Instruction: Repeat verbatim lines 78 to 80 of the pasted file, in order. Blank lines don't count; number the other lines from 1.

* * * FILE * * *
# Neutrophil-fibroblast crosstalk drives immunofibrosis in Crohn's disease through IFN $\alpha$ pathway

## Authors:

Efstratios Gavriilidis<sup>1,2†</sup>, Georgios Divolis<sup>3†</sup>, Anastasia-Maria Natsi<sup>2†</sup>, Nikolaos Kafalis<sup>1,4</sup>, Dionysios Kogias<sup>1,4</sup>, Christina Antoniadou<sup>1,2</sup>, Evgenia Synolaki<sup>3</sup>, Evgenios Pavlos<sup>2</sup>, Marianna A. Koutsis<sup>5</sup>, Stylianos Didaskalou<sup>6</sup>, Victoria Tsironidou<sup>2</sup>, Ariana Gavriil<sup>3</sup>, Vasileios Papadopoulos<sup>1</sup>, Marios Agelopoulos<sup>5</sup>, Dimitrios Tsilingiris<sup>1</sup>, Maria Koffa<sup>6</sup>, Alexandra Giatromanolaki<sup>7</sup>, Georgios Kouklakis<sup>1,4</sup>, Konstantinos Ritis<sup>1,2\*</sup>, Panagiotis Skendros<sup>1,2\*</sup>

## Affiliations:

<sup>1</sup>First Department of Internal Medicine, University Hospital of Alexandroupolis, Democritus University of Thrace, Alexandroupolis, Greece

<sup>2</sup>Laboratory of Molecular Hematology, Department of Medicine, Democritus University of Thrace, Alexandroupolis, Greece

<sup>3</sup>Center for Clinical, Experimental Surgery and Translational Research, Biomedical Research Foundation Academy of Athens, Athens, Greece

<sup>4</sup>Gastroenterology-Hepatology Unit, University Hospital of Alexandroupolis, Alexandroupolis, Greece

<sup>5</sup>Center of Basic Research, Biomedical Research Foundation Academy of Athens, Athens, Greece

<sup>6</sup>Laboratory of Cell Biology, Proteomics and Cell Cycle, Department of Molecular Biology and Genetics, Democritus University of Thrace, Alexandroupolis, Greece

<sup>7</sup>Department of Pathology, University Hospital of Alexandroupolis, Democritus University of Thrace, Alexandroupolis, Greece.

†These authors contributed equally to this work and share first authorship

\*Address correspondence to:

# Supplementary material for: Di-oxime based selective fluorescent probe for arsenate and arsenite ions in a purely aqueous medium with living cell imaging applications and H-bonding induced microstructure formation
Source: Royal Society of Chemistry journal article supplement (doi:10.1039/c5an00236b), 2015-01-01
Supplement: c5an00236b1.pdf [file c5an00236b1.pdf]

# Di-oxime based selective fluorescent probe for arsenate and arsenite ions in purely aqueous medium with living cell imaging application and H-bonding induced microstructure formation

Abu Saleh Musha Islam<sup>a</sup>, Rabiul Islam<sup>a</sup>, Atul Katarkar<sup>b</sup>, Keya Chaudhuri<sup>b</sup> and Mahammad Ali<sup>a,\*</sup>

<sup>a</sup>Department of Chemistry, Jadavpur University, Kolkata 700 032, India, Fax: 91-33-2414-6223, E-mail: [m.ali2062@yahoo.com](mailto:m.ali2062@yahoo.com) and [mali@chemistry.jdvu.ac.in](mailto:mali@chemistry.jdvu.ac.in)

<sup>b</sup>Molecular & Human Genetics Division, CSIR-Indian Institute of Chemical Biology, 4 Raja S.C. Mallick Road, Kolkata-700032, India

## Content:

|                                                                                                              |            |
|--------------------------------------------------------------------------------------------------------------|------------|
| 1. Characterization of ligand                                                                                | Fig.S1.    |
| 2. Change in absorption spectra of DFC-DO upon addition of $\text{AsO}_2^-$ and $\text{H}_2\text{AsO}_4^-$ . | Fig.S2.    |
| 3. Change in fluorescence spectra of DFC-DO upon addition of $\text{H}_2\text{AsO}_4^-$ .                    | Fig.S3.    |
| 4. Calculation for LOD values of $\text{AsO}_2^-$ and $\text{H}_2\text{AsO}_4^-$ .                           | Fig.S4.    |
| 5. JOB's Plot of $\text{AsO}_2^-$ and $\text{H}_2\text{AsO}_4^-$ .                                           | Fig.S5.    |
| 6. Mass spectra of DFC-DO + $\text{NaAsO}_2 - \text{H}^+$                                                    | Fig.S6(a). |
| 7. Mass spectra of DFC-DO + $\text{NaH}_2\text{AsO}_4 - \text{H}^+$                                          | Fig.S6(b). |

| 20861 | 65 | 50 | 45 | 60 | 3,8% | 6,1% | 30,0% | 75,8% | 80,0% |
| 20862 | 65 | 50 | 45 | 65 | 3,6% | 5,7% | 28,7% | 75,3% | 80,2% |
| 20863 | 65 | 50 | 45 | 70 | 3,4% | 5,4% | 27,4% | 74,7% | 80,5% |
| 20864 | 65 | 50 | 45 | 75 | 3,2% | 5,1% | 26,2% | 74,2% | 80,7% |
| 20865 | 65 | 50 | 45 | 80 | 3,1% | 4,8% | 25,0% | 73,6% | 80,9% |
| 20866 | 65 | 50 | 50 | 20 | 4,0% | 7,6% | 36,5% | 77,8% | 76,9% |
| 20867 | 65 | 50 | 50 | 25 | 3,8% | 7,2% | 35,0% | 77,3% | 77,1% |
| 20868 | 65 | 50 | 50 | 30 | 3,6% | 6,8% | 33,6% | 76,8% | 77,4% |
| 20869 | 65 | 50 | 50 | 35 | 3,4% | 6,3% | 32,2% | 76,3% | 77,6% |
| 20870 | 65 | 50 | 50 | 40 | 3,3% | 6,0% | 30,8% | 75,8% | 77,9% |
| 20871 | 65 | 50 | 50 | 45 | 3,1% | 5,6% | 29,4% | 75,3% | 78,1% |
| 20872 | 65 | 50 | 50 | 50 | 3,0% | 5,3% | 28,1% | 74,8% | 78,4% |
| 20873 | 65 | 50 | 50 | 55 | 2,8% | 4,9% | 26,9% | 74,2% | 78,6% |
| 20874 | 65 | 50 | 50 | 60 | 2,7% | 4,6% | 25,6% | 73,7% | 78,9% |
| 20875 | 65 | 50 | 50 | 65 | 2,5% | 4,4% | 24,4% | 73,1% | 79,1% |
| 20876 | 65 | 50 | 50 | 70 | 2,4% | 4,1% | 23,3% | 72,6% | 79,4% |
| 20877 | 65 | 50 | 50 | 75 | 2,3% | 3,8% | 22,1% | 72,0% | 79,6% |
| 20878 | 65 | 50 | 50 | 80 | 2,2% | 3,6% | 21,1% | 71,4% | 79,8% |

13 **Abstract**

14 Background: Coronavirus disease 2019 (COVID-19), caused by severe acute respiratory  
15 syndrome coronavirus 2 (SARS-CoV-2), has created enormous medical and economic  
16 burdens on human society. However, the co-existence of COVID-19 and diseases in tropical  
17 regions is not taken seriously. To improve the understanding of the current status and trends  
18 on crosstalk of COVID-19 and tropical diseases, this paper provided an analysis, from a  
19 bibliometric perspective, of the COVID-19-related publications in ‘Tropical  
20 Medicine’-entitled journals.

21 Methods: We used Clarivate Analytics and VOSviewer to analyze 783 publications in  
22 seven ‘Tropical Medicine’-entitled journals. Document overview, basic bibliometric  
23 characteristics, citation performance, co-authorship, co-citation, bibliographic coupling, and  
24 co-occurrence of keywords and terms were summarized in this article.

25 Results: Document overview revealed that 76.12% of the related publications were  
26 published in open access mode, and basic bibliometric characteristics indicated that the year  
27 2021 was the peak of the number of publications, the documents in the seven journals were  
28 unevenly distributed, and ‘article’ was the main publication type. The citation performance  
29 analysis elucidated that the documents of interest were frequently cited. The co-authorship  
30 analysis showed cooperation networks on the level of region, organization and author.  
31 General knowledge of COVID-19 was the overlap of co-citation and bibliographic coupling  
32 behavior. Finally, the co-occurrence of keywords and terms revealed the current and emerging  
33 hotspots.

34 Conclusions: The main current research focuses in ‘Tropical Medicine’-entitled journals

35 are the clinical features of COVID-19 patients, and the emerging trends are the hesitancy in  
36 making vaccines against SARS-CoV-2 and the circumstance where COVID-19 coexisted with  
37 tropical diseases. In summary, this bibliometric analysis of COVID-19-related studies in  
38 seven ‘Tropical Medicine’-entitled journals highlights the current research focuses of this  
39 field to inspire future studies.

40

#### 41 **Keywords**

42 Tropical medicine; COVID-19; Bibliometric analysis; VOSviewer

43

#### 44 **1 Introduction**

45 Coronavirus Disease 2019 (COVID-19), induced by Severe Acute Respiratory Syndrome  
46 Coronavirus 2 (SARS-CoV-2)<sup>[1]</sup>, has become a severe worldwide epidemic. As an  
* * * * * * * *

42 Tropical medicine; COVID-19; Bibliometric analysis; VOSviewer

43

#### 44 **1 Introduction**